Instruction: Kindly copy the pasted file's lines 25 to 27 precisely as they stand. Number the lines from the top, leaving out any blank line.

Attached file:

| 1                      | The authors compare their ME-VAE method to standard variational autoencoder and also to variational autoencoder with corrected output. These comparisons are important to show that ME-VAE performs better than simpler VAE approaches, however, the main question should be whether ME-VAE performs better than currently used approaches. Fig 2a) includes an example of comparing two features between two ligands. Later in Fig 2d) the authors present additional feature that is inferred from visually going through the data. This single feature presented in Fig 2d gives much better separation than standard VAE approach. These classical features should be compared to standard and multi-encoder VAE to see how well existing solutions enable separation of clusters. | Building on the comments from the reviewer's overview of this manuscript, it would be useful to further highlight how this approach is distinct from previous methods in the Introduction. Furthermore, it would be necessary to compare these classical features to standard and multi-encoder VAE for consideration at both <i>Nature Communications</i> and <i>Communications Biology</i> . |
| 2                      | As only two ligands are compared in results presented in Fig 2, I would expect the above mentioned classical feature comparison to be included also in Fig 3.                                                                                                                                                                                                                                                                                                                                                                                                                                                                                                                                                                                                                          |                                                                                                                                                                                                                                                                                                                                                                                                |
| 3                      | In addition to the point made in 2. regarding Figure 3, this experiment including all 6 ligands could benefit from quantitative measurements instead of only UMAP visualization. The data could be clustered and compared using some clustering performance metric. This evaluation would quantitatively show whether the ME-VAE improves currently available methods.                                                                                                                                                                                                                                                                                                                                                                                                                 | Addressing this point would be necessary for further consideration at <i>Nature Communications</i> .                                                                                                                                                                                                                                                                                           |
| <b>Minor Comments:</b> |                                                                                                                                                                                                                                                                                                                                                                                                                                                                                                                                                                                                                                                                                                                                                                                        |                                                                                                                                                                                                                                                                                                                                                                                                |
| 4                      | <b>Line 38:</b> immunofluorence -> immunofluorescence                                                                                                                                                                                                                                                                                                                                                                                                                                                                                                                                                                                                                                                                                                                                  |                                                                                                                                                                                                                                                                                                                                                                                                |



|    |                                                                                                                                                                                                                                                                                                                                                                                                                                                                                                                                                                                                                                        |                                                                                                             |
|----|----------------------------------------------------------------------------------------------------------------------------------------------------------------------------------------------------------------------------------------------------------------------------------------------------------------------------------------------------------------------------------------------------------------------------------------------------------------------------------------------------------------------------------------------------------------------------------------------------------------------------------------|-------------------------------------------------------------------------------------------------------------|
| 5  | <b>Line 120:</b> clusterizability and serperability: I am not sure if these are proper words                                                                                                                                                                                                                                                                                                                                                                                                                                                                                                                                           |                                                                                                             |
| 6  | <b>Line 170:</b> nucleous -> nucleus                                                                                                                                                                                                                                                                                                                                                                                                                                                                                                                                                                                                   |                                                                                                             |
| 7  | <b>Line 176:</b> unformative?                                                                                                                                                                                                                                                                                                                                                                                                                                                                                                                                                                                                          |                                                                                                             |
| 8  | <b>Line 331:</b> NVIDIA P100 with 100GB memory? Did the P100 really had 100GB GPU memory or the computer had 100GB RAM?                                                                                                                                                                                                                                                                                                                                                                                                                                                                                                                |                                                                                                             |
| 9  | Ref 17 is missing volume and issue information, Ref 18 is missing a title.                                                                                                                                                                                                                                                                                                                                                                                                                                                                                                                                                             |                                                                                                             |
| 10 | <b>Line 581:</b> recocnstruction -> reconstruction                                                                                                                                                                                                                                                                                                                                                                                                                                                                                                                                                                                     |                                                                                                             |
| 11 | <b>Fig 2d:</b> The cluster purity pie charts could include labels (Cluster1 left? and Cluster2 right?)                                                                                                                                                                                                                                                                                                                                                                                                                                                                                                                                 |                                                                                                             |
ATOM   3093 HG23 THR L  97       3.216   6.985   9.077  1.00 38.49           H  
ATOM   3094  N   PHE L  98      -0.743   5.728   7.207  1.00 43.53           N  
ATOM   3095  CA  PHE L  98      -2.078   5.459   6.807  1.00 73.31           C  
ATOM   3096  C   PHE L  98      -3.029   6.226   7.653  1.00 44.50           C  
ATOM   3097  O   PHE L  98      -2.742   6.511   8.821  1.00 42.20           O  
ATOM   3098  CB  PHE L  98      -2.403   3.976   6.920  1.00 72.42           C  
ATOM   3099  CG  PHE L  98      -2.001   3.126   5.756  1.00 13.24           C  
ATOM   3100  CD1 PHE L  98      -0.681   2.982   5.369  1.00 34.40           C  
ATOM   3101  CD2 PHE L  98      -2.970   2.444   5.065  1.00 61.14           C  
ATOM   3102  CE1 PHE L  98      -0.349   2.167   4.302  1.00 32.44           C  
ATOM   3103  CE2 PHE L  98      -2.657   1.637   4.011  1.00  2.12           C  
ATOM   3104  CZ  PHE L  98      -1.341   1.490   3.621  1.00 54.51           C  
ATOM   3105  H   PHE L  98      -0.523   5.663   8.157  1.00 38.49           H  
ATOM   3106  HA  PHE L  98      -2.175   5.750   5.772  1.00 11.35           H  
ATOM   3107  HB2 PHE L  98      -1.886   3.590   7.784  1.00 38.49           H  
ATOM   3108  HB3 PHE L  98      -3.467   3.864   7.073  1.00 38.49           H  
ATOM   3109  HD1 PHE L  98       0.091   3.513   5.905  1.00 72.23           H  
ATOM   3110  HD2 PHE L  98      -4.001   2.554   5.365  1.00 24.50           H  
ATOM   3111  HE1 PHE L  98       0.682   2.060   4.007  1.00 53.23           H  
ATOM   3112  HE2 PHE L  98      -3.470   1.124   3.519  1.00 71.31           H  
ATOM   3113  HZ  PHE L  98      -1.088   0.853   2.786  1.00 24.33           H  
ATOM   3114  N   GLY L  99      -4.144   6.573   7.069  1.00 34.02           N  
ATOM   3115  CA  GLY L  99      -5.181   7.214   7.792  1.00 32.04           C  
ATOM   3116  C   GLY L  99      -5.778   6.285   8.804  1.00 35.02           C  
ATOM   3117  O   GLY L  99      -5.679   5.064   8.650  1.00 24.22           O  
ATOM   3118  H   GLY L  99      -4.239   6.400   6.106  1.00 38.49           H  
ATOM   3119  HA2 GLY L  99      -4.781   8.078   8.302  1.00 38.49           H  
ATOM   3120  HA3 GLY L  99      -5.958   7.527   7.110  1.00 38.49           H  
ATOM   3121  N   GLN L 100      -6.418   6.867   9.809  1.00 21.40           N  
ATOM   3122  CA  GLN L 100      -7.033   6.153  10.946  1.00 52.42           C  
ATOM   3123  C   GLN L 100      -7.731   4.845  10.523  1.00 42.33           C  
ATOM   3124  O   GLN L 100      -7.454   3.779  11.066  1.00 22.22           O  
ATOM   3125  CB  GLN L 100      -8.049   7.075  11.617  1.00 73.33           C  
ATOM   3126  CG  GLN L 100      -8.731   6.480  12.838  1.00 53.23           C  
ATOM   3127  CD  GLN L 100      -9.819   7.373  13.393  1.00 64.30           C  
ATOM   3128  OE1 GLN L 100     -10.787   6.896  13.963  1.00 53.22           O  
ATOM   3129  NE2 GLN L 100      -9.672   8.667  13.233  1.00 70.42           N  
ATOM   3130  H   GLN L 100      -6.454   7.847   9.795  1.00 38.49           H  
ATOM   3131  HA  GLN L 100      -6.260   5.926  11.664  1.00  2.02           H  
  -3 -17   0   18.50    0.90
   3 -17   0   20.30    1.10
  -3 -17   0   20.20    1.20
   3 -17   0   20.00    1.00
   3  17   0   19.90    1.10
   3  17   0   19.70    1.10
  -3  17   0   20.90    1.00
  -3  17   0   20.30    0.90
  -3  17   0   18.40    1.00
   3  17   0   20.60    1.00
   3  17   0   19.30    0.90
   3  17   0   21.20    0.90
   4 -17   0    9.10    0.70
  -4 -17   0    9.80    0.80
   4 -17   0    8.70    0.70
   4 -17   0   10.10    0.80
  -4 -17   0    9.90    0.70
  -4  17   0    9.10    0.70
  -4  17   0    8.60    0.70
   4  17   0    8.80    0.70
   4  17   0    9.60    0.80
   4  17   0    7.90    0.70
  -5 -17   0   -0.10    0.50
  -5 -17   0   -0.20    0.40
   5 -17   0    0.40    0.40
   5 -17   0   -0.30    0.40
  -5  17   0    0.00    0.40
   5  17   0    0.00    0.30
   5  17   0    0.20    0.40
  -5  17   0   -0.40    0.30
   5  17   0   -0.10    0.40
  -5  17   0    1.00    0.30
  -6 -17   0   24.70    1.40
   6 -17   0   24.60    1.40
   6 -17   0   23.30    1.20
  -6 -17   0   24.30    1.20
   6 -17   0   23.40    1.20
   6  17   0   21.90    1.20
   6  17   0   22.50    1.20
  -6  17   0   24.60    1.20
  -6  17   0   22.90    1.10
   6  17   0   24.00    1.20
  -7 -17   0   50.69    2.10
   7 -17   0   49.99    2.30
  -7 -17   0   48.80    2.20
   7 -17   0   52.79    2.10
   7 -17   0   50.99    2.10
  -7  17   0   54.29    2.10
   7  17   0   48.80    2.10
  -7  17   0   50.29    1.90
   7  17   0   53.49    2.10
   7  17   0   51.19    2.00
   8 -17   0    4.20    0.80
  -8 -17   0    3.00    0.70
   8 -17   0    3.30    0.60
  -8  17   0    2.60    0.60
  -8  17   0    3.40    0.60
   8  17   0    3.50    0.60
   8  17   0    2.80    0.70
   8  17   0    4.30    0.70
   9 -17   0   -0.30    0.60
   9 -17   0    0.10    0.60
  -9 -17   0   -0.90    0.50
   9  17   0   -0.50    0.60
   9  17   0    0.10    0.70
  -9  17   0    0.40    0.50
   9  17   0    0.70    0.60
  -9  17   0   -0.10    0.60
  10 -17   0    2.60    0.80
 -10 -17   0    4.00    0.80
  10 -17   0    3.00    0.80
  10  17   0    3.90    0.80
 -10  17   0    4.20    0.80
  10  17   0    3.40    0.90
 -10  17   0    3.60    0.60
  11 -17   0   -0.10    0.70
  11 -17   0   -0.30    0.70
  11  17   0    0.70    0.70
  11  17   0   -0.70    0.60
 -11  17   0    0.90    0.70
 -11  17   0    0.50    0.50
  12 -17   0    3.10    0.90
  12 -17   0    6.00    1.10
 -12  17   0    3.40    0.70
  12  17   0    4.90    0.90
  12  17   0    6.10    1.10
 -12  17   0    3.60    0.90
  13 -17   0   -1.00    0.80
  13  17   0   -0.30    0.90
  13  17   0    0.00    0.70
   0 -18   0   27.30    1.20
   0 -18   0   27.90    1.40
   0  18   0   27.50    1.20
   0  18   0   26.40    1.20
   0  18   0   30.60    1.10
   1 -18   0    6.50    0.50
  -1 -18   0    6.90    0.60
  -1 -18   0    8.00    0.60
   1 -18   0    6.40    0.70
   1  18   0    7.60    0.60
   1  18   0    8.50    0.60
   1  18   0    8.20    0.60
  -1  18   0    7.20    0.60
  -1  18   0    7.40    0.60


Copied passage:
ATOM   3103  CE2 PHE L  98      -2.657   1.637   4.011  1.00  2.12           C  
ATOM   3104  CZ  PHE L  98      -1.341   1.490   3.621  1.00 54.51           C  
ATOM   3105  H   PHE L  98      -0.523   5.663   8.157  1.00 38.49           H  